This is due to the expansion of my software’s databases, but also due to the work of my team, with computer specialists like Cyrille Henry, Claude Micheli and Nicolas Gaudelet, thanks to their technical skills and technological watch – on graphics cards, new sensors, etc. Their ongoing watch allows me to stay in sync with technological evolutions and to carry out projects that exit from the norm, like the Origin of the World Bubble 2018 on Oxford Circus, London, projected onto an eleven-meter-diameter sphere. Without this watch and the use of cutting-edge tools, there was no way we could have accomplished the project. This is one of the interesting aspects of my practice: finding solutions for the implementation of concepts and ideas.
Do you see yourself as an artist with a studio?
What I’m responsible for is the origins of projects, their design, their artistic aspect and their translation into space.
The history of digital art is crossed by a collaborative spirit, a consequence of its high degree of technicality, from the Experiments in Art and Technologies in the 1960s to collectives of net artists… Today, a collective vision continues with open-source technology. Do you use the latter?
Yes, we use open-source software such as Claude Micheli’s Unity or Cyrille Henry’s Pure Data. It sometimes takes between one to two years of development to create such software. Many tests are run at the studio to optimise and present the works to the public. Behind this open-source software there is a community of specialists who help to make things advance more quickly thanks to the sharing of data…
The digital world, composed of files and programmes, has a modularity that confers an “arborescent” aspect to your work: a 3D file can exist in different forms (such as a sculpture, a screen, a projection…); a programme grows every time it’s updated…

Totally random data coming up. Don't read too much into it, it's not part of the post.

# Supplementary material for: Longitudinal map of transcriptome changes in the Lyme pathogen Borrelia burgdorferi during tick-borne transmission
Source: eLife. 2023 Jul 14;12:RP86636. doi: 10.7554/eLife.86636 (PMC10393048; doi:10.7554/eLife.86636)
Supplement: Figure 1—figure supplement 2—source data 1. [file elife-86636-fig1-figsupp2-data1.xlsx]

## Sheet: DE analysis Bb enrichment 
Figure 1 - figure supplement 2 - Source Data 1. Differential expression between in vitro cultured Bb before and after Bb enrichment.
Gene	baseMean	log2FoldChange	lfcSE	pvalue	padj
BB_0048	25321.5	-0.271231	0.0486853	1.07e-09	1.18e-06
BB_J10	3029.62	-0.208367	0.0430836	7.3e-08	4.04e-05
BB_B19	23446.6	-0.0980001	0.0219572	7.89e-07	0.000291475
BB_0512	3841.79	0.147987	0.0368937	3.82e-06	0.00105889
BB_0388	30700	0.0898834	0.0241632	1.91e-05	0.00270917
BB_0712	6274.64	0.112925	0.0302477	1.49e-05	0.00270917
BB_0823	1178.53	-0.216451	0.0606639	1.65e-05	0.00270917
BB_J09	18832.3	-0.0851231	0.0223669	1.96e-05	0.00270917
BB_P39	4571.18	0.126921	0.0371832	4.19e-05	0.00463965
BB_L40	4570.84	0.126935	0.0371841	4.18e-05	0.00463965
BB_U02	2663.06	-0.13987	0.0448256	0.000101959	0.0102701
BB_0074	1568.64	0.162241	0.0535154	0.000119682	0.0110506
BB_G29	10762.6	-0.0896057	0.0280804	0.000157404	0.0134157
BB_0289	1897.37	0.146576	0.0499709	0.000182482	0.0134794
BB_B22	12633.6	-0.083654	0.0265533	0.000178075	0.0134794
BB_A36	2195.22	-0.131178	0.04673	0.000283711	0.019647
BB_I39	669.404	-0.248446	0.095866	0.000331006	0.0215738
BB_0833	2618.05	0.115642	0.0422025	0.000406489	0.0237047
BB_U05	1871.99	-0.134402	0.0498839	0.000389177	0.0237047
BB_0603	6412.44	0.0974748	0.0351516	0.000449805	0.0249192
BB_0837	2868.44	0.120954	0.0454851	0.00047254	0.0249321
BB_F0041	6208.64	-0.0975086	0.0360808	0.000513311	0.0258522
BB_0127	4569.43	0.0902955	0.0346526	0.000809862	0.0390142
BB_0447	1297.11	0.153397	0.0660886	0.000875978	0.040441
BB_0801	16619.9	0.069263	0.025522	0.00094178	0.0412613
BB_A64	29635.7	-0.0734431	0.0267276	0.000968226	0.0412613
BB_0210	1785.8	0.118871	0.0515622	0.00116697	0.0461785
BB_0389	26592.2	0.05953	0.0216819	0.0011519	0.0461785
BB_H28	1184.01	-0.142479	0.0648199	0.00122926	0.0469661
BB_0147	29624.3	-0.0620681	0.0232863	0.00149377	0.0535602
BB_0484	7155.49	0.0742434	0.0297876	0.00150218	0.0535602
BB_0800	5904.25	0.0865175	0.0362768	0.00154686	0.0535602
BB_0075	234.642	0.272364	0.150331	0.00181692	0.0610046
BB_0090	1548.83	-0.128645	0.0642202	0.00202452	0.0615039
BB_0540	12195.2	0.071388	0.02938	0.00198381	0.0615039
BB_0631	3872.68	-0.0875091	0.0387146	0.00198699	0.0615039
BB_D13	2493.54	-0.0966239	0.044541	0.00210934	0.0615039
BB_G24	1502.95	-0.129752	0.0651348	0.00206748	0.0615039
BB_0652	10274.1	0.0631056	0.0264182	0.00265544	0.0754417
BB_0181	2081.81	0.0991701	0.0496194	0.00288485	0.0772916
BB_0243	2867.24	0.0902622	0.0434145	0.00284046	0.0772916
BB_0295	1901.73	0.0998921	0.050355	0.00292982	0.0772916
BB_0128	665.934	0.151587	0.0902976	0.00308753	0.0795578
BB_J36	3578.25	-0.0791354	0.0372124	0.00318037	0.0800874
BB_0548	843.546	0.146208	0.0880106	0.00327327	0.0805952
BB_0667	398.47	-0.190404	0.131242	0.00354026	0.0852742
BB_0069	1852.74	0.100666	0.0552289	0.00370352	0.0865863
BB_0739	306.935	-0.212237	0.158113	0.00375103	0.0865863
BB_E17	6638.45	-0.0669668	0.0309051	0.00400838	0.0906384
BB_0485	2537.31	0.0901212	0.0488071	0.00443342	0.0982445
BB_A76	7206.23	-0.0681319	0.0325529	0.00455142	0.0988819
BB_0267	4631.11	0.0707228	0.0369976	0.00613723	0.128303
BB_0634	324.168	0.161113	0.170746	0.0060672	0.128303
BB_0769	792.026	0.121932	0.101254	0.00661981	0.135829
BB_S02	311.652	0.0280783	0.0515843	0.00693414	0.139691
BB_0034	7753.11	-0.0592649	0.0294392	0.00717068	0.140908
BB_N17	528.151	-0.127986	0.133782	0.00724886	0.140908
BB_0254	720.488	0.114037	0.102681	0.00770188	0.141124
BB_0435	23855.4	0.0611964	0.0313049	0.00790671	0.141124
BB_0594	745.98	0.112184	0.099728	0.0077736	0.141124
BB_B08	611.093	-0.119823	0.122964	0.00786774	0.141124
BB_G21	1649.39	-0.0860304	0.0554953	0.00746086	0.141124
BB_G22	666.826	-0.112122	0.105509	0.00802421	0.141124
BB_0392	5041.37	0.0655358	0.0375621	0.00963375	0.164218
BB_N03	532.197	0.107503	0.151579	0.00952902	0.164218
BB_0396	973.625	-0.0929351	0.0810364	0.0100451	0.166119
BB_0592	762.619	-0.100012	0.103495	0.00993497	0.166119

All the projects echo with and penetrate one another. When Cyrille Henry and I worked on Fractal Flowers – that is, creating 3D models on a 2D screen –, we realised that we could stop the growth of one of the Fractal Flowers seeds and extract the corresponding 3D file. It was then possible to give this file a material form, with the help of a 3D printer. All this opens up new perspectives, a coming and going between the real and the virtual. This is also what contributes to the expressive richness of the digital medium.
The digital world is fascinating in that it prolongs the history of images without referents, after abstract painting or sculpture. It goes even further, via generativeness or interactivity that induce a probable modification in the status of the image, which doesn’t represent so much as it presents, with an existence of its own…
We’re no longer in a linear universe like that of a film or recorded video, where reading goes from point A to Z, before going back to the start again. With the digital world, we can enter into artificial life processes like my virtual gardens that self-generate, change, and act, depending on the visitor’s movements… None of this is possible with the other artistic mediums that we already know.
So this is what’s special about the digital medium?
Yes, but that’s not all. There are also scaling effects: digital technology can be deployed on smartphones just as they can take on the urban scale.
Your work started off at the end of the 1980s with the appearance of the desktop computer and the improvement of graphics cards, while the calculation capacities of machines from the 2000s allowed your works to change in scale… What’s the next step?
There are several interesting things to point out. The calculation capacities of today’s computers allow the creation of animations in real time, which also increase interactivity possibilities. Laser projectors, with upgraded endurance, definition and colorimetry, are also very promising. Today, a whole range of scales can be explored, from 4K screens to multiple large-format projections. All this urges me to go further and further into immersion. We’re still limited by costs, but creating a multisensory space has become entirely possible, for example the In-Out / Paradis artificiels installation that I presented in 2017 at the Domaine de Chaumont-sur-Loire.